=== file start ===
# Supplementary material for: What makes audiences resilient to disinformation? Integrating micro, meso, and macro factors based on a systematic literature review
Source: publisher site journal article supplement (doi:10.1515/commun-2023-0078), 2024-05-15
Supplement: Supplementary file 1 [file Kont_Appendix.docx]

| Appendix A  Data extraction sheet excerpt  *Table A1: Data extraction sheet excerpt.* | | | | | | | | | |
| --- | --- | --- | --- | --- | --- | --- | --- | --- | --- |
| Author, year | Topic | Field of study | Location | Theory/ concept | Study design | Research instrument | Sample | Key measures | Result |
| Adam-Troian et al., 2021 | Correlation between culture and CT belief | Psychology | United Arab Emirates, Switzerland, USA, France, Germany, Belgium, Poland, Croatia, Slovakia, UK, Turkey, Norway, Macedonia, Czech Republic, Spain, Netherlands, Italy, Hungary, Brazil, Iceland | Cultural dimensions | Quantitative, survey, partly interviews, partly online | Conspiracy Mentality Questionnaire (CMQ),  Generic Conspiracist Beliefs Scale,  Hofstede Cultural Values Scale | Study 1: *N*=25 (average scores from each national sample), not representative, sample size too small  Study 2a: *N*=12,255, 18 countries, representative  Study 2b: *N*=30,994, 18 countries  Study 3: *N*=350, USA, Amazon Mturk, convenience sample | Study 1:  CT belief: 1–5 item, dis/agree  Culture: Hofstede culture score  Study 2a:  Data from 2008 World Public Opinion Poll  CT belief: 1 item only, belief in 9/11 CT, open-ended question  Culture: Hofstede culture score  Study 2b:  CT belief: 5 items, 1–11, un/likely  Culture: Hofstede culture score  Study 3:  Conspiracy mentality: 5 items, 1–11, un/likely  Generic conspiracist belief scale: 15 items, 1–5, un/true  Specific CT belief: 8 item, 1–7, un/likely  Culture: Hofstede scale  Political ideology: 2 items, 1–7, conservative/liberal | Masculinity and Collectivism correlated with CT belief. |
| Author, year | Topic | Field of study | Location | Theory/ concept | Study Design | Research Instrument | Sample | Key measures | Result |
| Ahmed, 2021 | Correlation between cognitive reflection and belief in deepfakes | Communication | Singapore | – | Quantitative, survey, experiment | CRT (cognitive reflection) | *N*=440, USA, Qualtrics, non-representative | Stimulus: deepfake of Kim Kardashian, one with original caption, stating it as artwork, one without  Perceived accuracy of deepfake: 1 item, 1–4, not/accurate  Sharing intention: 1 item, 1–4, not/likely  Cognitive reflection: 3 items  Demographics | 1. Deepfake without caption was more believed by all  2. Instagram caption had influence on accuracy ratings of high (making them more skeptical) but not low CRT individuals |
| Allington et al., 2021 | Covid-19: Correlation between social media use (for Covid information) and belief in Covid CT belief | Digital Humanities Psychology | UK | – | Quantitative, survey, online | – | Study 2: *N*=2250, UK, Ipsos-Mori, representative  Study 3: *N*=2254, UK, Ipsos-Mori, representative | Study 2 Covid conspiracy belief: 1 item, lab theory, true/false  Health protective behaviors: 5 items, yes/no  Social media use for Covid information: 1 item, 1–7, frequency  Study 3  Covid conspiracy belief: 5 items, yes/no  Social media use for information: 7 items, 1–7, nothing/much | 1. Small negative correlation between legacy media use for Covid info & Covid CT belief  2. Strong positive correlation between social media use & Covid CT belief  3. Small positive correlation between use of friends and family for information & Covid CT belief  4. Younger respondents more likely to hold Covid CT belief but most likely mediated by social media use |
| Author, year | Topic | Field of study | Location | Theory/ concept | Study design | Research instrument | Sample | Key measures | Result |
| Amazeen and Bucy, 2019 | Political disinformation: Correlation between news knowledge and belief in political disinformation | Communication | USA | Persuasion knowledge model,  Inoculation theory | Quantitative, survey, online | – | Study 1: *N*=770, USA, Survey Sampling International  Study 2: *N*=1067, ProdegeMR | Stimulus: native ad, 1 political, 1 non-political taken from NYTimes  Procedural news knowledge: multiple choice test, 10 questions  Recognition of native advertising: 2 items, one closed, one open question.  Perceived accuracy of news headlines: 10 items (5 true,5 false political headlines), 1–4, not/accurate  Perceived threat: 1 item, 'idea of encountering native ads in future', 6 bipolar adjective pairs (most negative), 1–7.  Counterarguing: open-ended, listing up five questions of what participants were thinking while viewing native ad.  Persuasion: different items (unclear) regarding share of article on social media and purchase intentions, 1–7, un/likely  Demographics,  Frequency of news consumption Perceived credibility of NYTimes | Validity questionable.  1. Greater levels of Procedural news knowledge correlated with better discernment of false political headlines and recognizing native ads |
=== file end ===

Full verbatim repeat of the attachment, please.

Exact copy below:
# Supplementary material for: What makes audiences resilient to disinformation? Integrating micro, meso, and macro factors based on a systematic literature review
Source: publisher site journal article supplement (doi:10.1515/commun-2023-0078), 2024-05-15
Supplement: Supplementary file 1 [file Kont_Appendix.docx]

| Appendix A  Data extraction sheet excerpt  *Table A1: Data extraction sheet excerpt.* | | | | | | | | | |
| --- | --- | --- | --- | --- | --- | --- | --- | --- | --- |
| Author, year | Topic | Field of study | Location | Theory/ concept | Study design | Research instrument | Sample | Key measures | Result |
| Adam-Troian et al., 2021 | Correlation between culture and CT belief | Psychology | United Arab Emirates, Switzerland, USA, France, Germany, Belgium, Poland, Croatia, Slovakia, UK, Turkey, Norway, Macedonia, Czech Republic, Spain, Netherlands, Italy, Hungary, Brazil, Iceland | Cultural dimensions | Quantitative, survey, partly interviews, partly online | Conspiracy Mentality Questionnaire (CMQ),  Generic Conspiracist Beliefs Scale,  Hofstede Cultural Values Scale | Study 1: *N*=25 (average scores from each national sample), not representative, sample size too small  Study 2a: *N*=12,255, 18 countries, representative  Study 2b: *N*=30,994, 18 countries  Study 3: *N*=350, USA, Amazon Mturk, convenience sample | Study 1:  CT belief: 1–5 item, dis/agree  Culture: Hofstede culture score  Study 2a:  Data from 2008 World Public Opinion Poll  CT belief: 1 item only, belief in 9/11 CT, open-ended question  Culture: Hofstede culture score  Study 2b:  CT belief: 5 items, 1–11, un/likely  Culture: Hofstede culture score  Study 3:  Conspiracy mentality: 5 items, 1–11, un/likely  Generic conspiracist belief scale: 15 items, 1–5, un/true  Specific CT belief: 8 item, 1–7, un/likely  Culture: Hofstede scale  Political ideology: 2 items, 1–7, conservative/liberal | Masculinity and Collectivism correlated with CT belief. |
| Author, year | Topic | Field of study | Location | Theory/ concept | Study Design | Research Instrument | Sample | Key measures | Result |
| Ahmed, 2021 | Correlation between cognitive reflection and belief in deepfakes | Communication | Singapore | – | Quantitative, survey, experiment | CRT (cognitive reflection) | *N*=440, USA, Qualtrics, non-representative | Stimulus: deepfake of Kim Kardashian, one with original caption, stating it as artwork, one without  Perceived accuracy of deepfake: 1 item, 1–4, not/accurate  Sharing intention: 1 item, 1–4, not/likely  Cognitive reflection: 3 items  Demographics | 1. Deepfake without caption was more believed by all  2. Instagram caption had influence on accuracy ratings of high (making them more skeptical) but not low CRT individuals |
| Allington et al., 2021 | Covid-19: Correlation between social media use (for Covid information) and belief in Covid CT belief | Digital Humanities Psychology | UK | – | Quantitative, survey, online | – | Study 2: *N*=2250, UK, Ipsos-Mori, representative  Study 3: *N*=2254, UK, Ipsos-Mori, representative | Study 2 Covid conspiracy belief: 1 item, lab theory, true/false  Health protective behaviors: 5 items, yes/no  Social media use for Covid information: 1 item, 1–7, frequency  Study 3  Covid conspiracy belief: 5 items, yes/no  Social media use for information: 7 items, 1–7, nothing/much | 1. Small negative correlation between legacy media use for Covid info & Covid CT belief  2. Strong positive correlation between social media use & Covid CT belief  3. Small positive correlation between use of friends and family for information & Covid CT belief  4. Younger respondents more likely to hold Covid CT belief but most likely mediated by social media use |
| Author, year | Topic | Field of study | Location | Theory/ concept | Study design | Research instrument | Sample | Key measures | Result |
| Amazeen and Bucy, 2019 | Political disinformation: Correlation between news knowledge and belief in political disinformation | Communication | USA | Persuasion knowledge model,  Inoculation theory | Quantitative, survey, online | – | Study 1: *N*=770, USA, Survey Sampling International  Study 2: *N*=1067, ProdegeMR | Stimulus: native ad, 1 political, 1 non-political taken from NYTimes  Procedural news knowledge: multiple choice test, 10 questions  Recognition of native advertising: 2 items, one closed, one open question.  Perceived accuracy of news headlines: 10 items (5 true,5 false political headlines), 1–4, not/accurate  Perceived threat: 1 item, 'idea of encountering native ads in future', 6 bipolar adjective pairs (most negative), 1–7.  Counterarguing: open-ended, listing up five questions of what participants were thinking while viewing native ad.  Persuasion: different items (unclear) regarding share of article on social media and purchase intentions, 1–7, un/likely  Demographics,  Frequency of news consumption Perceived credibility of NYTimes | Validity questionable.  1. Greater levels of Procedural news knowledge correlated with better discernment of false political headlines and recognizing native ads |